During the same period of study, 170 blood samples were examined for antibodies against
From total number of dog’s sera, 18 dogs (10.59%), tested positive for the presence of specific antibodies against
Seroprevalence of antibodies against
|Hunting and military dogs||79||8||10.12|
|Dogs from asylum for homeless dogs||64||7||10.33|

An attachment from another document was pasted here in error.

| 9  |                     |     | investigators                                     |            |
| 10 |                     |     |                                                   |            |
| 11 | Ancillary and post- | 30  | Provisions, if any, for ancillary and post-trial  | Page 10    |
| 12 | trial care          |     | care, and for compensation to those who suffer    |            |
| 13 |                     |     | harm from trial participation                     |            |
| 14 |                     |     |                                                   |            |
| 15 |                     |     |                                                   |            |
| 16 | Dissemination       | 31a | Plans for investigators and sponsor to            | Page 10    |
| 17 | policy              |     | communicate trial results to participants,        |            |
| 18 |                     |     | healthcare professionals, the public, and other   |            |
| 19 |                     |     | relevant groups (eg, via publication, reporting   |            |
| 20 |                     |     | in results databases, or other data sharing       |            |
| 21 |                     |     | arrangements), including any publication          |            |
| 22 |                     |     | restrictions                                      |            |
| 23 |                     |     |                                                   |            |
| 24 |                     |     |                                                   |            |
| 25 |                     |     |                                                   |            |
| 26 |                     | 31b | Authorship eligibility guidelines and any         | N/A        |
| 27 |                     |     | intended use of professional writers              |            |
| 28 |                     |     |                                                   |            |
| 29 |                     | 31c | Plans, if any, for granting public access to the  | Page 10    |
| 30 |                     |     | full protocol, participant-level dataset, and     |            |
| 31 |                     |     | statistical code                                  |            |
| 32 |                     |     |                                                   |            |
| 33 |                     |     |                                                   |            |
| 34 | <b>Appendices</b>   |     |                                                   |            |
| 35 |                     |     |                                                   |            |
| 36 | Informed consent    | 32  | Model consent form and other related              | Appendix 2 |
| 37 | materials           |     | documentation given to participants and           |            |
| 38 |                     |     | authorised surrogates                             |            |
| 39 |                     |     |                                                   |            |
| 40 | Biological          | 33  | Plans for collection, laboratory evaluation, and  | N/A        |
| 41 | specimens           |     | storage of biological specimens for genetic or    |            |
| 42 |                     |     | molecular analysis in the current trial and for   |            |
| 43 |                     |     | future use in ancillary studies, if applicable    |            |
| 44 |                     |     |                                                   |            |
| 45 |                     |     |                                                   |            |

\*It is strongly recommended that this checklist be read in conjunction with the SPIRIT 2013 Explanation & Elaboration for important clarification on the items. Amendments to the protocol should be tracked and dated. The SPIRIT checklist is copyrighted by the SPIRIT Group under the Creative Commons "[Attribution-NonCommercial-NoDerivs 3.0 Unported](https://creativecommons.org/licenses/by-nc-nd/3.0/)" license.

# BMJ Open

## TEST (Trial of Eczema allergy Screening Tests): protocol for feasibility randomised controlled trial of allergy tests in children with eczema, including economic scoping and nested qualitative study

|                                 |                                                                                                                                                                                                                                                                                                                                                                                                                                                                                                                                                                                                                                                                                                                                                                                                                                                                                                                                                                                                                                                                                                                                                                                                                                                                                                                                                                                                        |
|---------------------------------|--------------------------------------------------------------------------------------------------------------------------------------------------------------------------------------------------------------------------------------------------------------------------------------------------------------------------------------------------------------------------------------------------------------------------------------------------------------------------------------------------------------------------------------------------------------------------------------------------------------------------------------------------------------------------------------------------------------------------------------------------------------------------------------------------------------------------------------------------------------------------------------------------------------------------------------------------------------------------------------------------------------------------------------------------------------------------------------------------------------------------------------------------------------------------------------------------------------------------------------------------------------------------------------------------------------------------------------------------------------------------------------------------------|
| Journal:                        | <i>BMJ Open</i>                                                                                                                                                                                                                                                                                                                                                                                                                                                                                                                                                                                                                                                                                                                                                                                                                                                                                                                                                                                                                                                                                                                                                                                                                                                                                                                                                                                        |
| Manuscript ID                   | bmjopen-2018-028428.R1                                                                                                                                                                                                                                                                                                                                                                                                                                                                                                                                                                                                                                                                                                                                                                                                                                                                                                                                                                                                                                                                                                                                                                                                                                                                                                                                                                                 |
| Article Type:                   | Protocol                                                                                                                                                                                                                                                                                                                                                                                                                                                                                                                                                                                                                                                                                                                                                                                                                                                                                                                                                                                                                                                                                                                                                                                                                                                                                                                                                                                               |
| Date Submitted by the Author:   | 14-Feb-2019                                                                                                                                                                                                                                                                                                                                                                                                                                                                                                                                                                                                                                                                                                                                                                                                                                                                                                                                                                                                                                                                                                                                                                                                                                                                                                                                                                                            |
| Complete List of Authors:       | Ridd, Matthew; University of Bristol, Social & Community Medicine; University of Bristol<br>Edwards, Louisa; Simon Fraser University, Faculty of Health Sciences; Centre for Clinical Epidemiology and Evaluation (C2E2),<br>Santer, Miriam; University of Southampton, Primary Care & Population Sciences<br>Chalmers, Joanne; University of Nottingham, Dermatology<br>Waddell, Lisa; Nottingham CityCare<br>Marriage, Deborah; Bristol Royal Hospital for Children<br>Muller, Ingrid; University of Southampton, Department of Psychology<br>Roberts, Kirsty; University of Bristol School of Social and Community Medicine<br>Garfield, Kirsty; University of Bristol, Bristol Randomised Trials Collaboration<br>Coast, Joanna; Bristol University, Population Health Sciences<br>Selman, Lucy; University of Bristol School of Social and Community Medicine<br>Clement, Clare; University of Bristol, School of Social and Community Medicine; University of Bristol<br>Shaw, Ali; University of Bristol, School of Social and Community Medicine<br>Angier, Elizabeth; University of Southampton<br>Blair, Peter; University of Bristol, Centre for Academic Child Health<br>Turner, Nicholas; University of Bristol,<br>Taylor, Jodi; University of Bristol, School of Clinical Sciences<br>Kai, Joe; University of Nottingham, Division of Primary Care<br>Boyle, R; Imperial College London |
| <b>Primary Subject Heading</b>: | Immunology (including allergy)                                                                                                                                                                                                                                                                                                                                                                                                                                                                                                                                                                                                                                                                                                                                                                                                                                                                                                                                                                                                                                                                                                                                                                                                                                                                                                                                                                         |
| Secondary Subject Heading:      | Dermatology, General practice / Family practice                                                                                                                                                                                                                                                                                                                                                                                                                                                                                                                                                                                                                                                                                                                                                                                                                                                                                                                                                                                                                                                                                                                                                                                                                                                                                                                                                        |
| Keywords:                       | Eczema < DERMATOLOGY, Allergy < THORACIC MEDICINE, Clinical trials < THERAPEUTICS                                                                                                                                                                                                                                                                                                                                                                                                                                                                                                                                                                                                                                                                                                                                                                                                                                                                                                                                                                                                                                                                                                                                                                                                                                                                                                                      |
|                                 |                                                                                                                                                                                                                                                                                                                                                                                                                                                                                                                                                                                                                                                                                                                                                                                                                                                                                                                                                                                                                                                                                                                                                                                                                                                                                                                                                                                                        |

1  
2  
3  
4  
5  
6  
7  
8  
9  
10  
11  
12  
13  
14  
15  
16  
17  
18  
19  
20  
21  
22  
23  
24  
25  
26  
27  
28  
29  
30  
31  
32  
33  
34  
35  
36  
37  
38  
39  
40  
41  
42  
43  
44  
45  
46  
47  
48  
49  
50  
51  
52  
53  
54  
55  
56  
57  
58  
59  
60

In the group of hunting and military dogs, seroprevalence for leishmaniasis was found to be 10.12%. In the group of dogs from asylum, seroprevalence was found to be 10.33%, and in the group of pet dogs, seroprevalence for leishmaniasis was 11.11%. Total seroprevalence for leishmaniasis among whole tested dog population (170 animals) was 10.59%. There seems to be no difference in seroprevalence for leishmaniasis between different groups of dogs, unlike the prevalence to dirofilariosis. There is a constant presence of ethiological agent among dog population in the northern part of Serbia. In the near past, Vojvodina was considered as leishmaniasis free region of Serbia, since there were no reported cases of disease and fauna and abundance of sandflies was fairly low. Along with the first reported cases of canine leishmaniasis in Vojvodina, interest in entomological research of vectors has rised. After more than 60 years, in 2013 entomological research of sandflies in Vojvodina was resumed.